ADVANCES IN GENETICS AND CELL BIOLOGY CREATE POSSIBLE TARGETS FOR TREATING ADDICTION
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ADVANCES IN GENETICS AND CELL BIOLOGY CREATE POSSIBLE TARGETS FOR TREATING ADDICTION.
ORLANDO, Monday, Nov. 4 - Major advances in genetics and cell biology are identifying many of the molecular targets of drugs of abuse and are leading to new hypotheses about addiction and new possible treatments.
New findings include the molecular neuroadaptations that occur from chronic administration of drugs; the role of receptors in addiction and their possible use as targets for therapy; and the discovery of genes that result in resistance and tolerance to alcohol. The new studies were reported today during the 32nd annual meeting of the Society for Neuroscience.
The economic costs of addiction are estimated at $161 billion in the United States, according to the National Institute on Drug Abuse. Many Western countries have made major investments in research directed towards its understanding and prevention.
Converging evidence by the early 1990s suggested that many, if not all, drugs of abuse, including 'stimulants' such as amphetamine and cocaine, opiates such as heroin, and even 'legal' drugs such as alcohol and nicotine, have commonalities in their modes of action which implicated brain dopamine systems, says Barry Everitt, PhD, a professor of behavioral neuroscience at the University of Cambridge. His lecture at this meeting addresses the neural and psychological mechanisms underlying drug addiction.
"Although these drugs can mimic the actions of several different chemical neurotransmitter systems in the brain through their actions at specific receptors, e.g. opiate receptors in the case of morphine and heroin, many of these primary effects were secondarily shown to influence the activity of a group of dopamine neurons in the midbrain which send their projections to interconnected forebrain structures including the prefrontal cortex, the so-called 'limbic system' and the striatum."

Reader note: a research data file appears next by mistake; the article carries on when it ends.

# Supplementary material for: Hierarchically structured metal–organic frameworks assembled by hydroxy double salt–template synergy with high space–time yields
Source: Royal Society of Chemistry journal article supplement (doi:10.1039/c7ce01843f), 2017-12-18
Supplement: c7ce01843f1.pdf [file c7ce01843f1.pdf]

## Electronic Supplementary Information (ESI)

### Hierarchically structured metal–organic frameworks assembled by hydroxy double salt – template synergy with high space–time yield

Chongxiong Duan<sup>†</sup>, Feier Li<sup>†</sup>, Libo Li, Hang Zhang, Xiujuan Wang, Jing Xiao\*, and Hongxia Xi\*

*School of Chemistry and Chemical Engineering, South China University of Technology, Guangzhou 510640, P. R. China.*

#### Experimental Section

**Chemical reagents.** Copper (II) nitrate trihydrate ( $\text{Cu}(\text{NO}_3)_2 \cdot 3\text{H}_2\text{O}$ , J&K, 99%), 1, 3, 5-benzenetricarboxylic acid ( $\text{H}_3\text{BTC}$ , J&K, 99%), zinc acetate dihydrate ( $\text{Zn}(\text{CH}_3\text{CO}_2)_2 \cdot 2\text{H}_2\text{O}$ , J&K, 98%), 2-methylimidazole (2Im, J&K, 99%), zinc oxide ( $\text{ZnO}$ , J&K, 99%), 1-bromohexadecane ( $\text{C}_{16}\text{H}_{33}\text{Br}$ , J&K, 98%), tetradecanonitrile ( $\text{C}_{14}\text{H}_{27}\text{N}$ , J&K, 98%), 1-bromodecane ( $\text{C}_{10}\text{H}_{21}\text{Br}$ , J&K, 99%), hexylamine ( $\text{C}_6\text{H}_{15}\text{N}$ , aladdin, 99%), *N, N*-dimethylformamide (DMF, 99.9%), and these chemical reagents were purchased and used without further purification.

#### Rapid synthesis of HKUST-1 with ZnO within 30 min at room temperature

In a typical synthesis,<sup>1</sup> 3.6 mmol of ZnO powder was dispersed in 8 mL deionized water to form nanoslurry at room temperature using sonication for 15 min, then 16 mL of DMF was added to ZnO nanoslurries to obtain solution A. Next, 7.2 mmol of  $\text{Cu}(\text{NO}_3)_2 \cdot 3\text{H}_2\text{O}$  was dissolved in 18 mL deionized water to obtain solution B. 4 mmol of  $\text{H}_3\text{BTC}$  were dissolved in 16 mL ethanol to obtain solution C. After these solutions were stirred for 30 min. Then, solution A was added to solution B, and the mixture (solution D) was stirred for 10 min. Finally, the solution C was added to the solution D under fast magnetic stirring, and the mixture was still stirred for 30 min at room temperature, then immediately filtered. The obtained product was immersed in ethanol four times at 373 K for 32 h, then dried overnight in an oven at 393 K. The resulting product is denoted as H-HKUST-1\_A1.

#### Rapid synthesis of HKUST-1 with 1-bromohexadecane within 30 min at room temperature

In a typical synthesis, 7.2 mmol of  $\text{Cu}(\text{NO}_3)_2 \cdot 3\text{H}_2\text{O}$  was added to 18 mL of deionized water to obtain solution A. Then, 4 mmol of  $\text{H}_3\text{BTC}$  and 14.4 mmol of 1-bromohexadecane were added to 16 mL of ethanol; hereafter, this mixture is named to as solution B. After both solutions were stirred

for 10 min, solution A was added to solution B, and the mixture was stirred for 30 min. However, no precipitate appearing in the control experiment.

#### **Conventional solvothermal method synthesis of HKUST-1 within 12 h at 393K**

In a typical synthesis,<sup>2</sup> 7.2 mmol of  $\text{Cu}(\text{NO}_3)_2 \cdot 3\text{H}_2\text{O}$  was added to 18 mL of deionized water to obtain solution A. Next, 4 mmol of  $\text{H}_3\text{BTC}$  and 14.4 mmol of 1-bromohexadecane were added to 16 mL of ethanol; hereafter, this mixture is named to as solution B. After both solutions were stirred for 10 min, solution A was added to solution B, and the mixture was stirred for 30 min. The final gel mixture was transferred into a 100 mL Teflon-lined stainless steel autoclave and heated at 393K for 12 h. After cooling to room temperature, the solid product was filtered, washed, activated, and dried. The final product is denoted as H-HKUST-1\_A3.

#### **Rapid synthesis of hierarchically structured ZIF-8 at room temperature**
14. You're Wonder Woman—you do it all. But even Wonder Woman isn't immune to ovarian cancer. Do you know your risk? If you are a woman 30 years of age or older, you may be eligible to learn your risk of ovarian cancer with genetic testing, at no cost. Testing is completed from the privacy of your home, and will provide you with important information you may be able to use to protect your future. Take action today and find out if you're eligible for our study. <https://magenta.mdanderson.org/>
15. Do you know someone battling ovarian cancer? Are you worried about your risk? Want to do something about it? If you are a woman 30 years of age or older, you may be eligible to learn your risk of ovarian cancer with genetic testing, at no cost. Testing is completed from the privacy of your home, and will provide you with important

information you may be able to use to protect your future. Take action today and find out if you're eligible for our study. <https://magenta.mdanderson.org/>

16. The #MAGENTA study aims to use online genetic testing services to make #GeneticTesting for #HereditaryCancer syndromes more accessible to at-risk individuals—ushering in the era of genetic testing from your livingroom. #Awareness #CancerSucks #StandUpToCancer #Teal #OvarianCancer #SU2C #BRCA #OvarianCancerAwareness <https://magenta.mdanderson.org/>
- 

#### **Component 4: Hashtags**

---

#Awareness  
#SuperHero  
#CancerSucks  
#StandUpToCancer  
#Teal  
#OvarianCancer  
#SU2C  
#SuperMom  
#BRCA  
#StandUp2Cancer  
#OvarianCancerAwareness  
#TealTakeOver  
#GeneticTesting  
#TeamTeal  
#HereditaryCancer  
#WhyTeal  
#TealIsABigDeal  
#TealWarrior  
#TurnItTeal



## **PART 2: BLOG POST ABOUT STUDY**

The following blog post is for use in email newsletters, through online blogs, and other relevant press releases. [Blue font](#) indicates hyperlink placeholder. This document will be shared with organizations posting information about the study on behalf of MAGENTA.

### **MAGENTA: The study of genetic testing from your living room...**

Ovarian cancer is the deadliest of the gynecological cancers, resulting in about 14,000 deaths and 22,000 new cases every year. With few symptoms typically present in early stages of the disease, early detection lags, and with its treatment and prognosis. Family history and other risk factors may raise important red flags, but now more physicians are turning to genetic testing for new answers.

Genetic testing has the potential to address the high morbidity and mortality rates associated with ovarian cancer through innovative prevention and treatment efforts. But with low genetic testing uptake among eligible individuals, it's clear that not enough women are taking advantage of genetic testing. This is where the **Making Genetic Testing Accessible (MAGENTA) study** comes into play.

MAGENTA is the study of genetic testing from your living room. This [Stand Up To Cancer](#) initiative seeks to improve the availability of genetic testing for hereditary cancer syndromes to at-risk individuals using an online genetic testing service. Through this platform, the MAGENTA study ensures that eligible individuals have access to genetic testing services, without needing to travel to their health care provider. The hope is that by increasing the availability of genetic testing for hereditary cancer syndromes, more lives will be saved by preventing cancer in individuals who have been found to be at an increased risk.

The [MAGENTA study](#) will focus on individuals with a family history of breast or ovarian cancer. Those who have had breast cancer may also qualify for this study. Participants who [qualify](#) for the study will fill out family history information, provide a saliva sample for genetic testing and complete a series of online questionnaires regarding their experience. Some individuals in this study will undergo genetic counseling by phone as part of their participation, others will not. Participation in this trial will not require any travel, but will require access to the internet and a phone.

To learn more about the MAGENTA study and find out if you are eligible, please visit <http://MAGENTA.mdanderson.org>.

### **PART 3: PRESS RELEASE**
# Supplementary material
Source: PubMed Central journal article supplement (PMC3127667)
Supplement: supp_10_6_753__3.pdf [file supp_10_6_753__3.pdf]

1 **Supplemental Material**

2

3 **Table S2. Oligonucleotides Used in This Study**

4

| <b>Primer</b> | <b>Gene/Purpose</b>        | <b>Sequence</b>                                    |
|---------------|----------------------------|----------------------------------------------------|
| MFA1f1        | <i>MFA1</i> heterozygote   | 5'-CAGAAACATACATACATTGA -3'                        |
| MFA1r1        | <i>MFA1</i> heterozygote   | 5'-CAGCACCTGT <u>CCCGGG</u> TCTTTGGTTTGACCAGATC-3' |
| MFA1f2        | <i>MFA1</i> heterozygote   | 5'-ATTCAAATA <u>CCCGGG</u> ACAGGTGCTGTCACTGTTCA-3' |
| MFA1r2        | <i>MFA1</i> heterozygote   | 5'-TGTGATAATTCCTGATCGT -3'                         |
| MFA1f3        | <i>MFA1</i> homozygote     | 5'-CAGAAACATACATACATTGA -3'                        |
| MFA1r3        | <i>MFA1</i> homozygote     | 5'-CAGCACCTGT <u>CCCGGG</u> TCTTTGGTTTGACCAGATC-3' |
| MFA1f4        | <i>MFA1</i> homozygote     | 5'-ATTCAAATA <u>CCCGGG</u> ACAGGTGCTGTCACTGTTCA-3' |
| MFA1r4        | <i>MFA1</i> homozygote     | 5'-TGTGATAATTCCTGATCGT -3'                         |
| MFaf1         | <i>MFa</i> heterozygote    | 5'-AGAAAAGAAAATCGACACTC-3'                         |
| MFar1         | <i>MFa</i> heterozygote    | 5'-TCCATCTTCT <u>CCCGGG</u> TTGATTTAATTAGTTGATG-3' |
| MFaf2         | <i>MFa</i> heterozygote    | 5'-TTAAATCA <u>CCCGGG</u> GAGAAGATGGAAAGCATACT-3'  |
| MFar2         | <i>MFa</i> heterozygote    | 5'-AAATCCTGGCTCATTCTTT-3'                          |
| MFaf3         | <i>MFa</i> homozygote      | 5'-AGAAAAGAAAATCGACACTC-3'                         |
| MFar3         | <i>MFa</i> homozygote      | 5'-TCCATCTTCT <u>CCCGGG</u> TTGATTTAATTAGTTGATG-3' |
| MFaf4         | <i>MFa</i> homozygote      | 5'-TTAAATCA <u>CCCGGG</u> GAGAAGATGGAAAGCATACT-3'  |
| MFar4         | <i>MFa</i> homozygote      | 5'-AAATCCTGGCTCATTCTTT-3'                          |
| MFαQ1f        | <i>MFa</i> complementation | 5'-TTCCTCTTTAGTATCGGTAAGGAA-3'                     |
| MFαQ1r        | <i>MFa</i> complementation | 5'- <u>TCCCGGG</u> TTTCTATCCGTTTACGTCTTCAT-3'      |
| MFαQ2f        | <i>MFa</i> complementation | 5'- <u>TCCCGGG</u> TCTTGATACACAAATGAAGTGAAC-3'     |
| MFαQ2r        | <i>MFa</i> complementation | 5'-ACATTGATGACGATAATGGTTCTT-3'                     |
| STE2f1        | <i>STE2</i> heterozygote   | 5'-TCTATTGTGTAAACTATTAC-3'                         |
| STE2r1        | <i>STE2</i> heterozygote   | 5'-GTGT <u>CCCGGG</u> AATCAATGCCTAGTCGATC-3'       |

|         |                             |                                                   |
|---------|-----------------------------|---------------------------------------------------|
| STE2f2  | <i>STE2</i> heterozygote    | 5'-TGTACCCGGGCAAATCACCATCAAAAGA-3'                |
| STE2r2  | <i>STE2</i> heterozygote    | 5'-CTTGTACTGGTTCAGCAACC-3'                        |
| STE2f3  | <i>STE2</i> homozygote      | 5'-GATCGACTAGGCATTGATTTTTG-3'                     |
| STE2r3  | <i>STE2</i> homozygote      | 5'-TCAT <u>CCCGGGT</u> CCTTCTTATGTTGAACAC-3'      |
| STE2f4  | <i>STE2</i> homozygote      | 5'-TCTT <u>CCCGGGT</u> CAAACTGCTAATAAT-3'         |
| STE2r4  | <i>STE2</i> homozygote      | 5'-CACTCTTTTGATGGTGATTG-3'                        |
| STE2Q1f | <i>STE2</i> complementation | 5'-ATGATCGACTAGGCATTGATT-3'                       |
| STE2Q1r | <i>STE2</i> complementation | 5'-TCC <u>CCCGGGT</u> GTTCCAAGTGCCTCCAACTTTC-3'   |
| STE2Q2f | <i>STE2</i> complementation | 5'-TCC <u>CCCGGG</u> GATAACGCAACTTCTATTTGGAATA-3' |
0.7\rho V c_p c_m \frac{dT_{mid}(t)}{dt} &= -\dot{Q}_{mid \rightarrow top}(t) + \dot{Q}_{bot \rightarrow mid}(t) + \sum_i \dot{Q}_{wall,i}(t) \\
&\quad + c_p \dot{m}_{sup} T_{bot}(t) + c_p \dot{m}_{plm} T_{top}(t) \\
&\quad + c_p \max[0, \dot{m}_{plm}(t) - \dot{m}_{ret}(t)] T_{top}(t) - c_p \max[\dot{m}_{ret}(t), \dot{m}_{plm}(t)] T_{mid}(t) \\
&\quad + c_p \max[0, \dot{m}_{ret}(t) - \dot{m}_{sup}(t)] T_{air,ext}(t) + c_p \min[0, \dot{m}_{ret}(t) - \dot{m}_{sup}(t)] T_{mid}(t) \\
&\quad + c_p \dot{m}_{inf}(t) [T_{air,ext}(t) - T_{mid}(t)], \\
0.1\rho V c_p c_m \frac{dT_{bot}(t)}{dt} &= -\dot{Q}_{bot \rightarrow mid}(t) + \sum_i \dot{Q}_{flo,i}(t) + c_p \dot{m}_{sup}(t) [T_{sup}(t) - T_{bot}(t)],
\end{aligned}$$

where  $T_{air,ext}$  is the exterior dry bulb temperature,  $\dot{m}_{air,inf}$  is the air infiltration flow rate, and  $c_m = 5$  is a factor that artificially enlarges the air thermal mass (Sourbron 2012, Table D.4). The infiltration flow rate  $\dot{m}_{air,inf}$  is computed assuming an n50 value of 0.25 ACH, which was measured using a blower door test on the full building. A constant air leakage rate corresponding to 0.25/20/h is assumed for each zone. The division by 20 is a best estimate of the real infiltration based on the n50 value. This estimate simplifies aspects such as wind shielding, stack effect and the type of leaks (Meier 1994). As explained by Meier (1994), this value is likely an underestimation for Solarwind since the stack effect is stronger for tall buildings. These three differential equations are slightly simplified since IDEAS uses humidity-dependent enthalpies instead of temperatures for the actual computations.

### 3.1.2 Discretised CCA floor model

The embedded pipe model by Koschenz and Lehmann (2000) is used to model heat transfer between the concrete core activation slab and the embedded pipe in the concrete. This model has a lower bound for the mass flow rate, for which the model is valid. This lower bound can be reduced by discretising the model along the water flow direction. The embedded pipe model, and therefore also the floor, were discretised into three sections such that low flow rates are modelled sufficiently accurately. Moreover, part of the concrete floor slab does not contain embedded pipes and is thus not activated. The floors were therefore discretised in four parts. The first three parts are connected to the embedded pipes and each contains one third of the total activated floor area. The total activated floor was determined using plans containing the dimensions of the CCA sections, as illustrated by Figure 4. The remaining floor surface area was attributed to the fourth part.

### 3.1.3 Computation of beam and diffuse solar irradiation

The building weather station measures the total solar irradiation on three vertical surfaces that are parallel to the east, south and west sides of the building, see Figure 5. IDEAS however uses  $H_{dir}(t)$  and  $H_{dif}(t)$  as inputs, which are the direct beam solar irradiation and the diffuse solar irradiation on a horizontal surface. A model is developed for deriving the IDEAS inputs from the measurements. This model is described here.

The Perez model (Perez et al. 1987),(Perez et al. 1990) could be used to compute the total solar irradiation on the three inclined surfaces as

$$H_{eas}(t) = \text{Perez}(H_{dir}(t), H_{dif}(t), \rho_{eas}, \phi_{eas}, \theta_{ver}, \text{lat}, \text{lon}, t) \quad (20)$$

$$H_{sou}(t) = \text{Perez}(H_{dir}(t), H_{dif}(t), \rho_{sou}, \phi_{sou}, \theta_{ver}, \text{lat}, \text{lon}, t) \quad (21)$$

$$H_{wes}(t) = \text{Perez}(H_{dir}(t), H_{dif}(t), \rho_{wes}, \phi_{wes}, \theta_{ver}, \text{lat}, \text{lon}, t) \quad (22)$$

Everitt notes that a ventral region of the striatum, the nucleus accumbens, (contrasting with the more dorsal regions that are implicated in neurological disorders such as Parkinson's and Huntington's diseases) is generally agreed to be the key zone for mediating the rewarding effects not only of drugs such as amphetamine and cocaine - which directly potentiate dopamine neurotransmission by various actions at the molecular level - but all drugs of abuse including opiates, cannabis, nicotine and alcohol.
Recent discoveries of molecular neuroadaptations induced by chronic administration of cocaine, heroin, nicotine and alcohol that occur downstream of dopamine receptors in the nucleus accumbens neurons and elsewhere, have encouraged a view of drug addiction as gradual brain adaptations to chronic drug exposure, possibly triggered by a drive to homeostasis, i.e. the regulation of activity of brain systems affected by self-administered drugs within certain defined limits. These neuroadaptations are the product of both decremental (tolerance and withdrawal) and incremental (sensitization) pharmacological effects.
There is little doubt that phenomena such as sensitization and withdrawal contribute significantly to the persistence and resistance to treatment of addictive behavior. But an important question remains of the precise relevance of neurochemical and molecular changes produced by drug exposure to the clinical reality of drug addiction in humans. For these discoveries to be useful, we need a much more sophisticated understanding of the process of addiction at the cognitive, behavioral and neuropsychological levels.